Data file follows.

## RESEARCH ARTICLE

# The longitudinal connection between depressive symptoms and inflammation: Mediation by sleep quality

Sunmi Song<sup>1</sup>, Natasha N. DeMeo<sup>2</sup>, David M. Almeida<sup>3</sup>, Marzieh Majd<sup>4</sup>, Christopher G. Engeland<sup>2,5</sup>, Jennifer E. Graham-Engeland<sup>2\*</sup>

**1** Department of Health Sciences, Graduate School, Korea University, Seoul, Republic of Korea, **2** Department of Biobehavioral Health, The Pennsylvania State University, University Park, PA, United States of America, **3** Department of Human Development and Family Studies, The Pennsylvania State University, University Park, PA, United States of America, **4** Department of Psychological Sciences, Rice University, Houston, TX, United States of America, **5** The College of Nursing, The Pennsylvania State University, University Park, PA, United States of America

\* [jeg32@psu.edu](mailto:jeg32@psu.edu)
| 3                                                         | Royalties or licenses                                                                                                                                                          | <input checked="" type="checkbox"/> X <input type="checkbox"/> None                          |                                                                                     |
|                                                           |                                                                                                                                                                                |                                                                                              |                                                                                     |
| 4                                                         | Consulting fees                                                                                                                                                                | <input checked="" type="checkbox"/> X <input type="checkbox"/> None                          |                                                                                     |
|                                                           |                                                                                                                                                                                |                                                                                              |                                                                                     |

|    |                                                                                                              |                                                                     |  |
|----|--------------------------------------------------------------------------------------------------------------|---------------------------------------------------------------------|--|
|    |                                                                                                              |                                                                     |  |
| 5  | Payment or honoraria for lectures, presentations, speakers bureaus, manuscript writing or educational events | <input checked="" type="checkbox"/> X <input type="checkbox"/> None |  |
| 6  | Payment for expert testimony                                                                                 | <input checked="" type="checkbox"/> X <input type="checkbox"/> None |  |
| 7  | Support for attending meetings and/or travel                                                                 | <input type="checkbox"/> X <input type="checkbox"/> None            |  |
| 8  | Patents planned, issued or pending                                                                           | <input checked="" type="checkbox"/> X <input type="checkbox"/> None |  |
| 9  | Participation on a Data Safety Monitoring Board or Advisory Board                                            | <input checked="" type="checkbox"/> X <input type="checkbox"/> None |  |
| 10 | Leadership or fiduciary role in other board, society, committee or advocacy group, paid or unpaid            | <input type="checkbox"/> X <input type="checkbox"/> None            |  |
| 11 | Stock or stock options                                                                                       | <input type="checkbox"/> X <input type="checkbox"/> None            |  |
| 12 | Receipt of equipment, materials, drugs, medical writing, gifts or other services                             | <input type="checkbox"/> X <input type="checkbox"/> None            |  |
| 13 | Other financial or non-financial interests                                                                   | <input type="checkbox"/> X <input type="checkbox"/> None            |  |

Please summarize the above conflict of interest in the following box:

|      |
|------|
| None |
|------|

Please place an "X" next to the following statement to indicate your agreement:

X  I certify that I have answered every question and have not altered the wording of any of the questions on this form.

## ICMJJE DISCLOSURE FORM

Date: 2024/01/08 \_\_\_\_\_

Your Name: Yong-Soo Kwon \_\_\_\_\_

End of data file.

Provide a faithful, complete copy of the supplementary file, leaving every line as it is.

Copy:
## RESEARCH ARTICLE

# The longitudinal connection between depressive symptoms and inflammation: Mediation by sleep quality

Sunmi Song<sup>1</sup>, Natasha N. DeMeo<sup>2</sup>, David M. Almeida<sup>3</sup>, Marzieh Majd<sup>4</sup>, Christopher G. Engeland<sup>2,5</sup>, Jennifer E. Graham-Engeland<sup>2\*</sup>

**1** Department of Health Sciences, Graduate School, Korea University, Seoul, Republic of Korea, **2** Department of Biobehavioral Health, The Pennsylvania State University, University Park, PA, United States of America, **3** Department of Human Development and Family Studies, The Pennsylvania State University, University Park, PA, United States of America, **4** Department of Psychological Sciences, Rice University, Houston, TX, United States of America, **5** The College of Nursing, The Pennsylvania State University, University Park, PA, United States of America

\* [jeg32@psu.edu](mailto:jeg32@psu.edu)
| 3                                                         | Royalties or licenses                                                                                                                                                          | <input checked="" type="checkbox"/> X <input type="checkbox"/> None                          |                                                                                     |
|                                                           |                                                                                                                                                                                |                                                                                              |                                                                                     |
| 4                                                         | Consulting fees                                                                                                                                                                | <input checked="" type="checkbox"/> X <input type="checkbox"/> None                          |                                                                                     |
|                                                           |                                                                                                                                                                                |                                                                                              |                                                                                     |

|    |                                                                                                              |                                                                     |  |
|----|--------------------------------------------------------------------------------------------------------------|---------------------------------------------------------------------|--|
|    |                                                                                                              |                                                                     |  |
| 5  | Payment or honoraria for lectures, presentations, speakers bureaus, manuscript writing or educational events | <input checked="" type="checkbox"/> X <input type="checkbox"/> None |  |
| 6  | Payment for expert testimony                                                                                 | <input checked="" type="checkbox"/> X <input type="checkbox"/> None |  |
| 7  | Support for attending meetings and/or travel                                                                 | <input type="checkbox"/> X <input type="checkbox"/> None            |  |
| 8  | Patents planned, issued or pending                                                                           | <input checked="" type="checkbox"/> X <input type="checkbox"/> None |  |
| 9  | Participation on a Data Safety Monitoring Board or Advisory Board                                            | <input checked="" type="checkbox"/> X <input type="checkbox"/> None |  |
| 10 | Leadership or fiduciary role in other board, society, committee or advocacy group, paid or unpaid            | <input type="checkbox"/> X <input type="checkbox"/> None            |  |
| 11 | Stock or stock options                                                                                       | <input type="checkbox"/> X <input type="checkbox"/> None            |  |
| 12 | Receipt of equipment, materials, drugs, medical writing, gifts or other services                             | <input type="checkbox"/> X <input type="checkbox"/> None            |  |
| 13 | Other financial or non-financial interests                                                                   | <input type="checkbox"/> X <input type="checkbox"/> None            |  |

Please summarize the above conflict of interest in the following box:

|      |
|------|
| None |
|------|

Please place an "X" next to the following statement to indicate your agreement:

X  I certify that I have answered every question and have not altered the wording of any of the questions on this form.

## ICMJJE DISCLOSURE FORM

Date: 2024/01/08 \_\_\_\_\_

Your Name: Yong-Soo Kwon \_\_\_\_\_